Three new species of deep-sea fish have been found

In the Atakam Trench, researchers were able to take pictures of previously unknown fish belonging to the Liparic family, or sea slugs.

The international team that went on the expedition to one of the deepest places on the planet – the Atakam trough in the Pacific Ocean – consisted of 40 scientists. The researchers extracted a large amount of information on deep-sea species and, among other things, were able to take pictures of fish from three proposed new species.

The temporary name for the species is pink, blue and purple attacking liparis, or sea slug. On the video, which the researchers received, the fish feed and interact with each other. All this occurs at a depth of about 7.5 kilometers under water.

Liparis belong to the family of liparous, marine radiant fishes. Their appearance has little in common with stereotyped ideas about deep-sea fish: they do not have large teeth and they look generally unsafe. Liparis are small in size, their gelatinous body is translucent, without scales. Bones and teeth of fish are extremely strong, which allows them to live under high pressure and maintain balance. Pisces are ideally adapted to life in the deepest parts of the ocean – where other organisms could not spend a minute. If the liparis is carried to the surface, its body becomes too fragile and literally melts due to high temperatures.

Atakamsky liparis, or sea slug / © Newcastle University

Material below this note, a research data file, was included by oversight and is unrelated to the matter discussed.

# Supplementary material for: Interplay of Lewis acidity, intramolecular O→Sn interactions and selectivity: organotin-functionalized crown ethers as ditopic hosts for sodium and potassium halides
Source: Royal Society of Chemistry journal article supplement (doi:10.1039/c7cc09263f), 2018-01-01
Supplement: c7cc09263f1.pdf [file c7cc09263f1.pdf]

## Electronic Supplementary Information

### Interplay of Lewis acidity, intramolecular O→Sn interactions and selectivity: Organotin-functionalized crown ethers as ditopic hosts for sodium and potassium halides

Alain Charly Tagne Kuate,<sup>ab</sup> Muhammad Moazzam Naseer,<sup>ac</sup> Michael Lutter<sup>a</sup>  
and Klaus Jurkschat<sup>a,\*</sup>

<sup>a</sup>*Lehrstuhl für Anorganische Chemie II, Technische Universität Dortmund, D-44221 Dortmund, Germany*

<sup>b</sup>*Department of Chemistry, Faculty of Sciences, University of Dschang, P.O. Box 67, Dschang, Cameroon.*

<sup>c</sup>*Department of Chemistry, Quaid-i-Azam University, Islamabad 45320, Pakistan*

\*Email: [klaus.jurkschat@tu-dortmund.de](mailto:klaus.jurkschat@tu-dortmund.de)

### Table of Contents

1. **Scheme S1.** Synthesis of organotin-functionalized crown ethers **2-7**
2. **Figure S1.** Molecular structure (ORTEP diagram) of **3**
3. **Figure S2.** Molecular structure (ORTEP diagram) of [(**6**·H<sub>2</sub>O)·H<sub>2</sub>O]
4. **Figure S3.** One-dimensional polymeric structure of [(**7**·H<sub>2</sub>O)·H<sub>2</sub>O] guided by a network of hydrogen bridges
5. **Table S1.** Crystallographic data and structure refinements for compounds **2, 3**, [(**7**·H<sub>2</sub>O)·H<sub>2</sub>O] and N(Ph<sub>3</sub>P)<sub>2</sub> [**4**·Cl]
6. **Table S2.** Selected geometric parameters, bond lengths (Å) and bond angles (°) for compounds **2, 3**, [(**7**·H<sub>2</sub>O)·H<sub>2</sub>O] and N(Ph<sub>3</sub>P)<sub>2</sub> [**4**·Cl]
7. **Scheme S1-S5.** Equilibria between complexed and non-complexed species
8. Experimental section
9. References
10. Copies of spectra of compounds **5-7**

“Because of the adaptability to life deep under water, sea slugs have no competitors and predators that could catch them,” said Dr. Thomas Linley of Newcastle University. – As you can see on the video, in the depths there are many invertebrates, with which the liparis feed. Here they are predators number one. Fish are quite active and look full “.

Scientists also managed to catch a specimen of one of the detected species with the help of a trap. The fish could be kept in very good condition. Now it is being described by a team of scientists from Newcastle University, together with colleagues from the United States and the Natural History Museum in London.

The researchers were able to take snapshots of animals using two deep-water devices equipped with HD cameras and traps. These devices freely fall to a depth of 11 thousand meters. Apparatuses developed at Newcastle University. The principle of its use is simple: the device is lowered into the ocean, where it freely sinks to the bottom, performing observations at the same time. The device takes about four hours to fully reach the bottom, after that the researchers wait a day, and then the acoustic signal system sheds weight – and the device is understood upward. In the Atakam Trench, scientists received more than 100 hours of video and 11,468 photographs.

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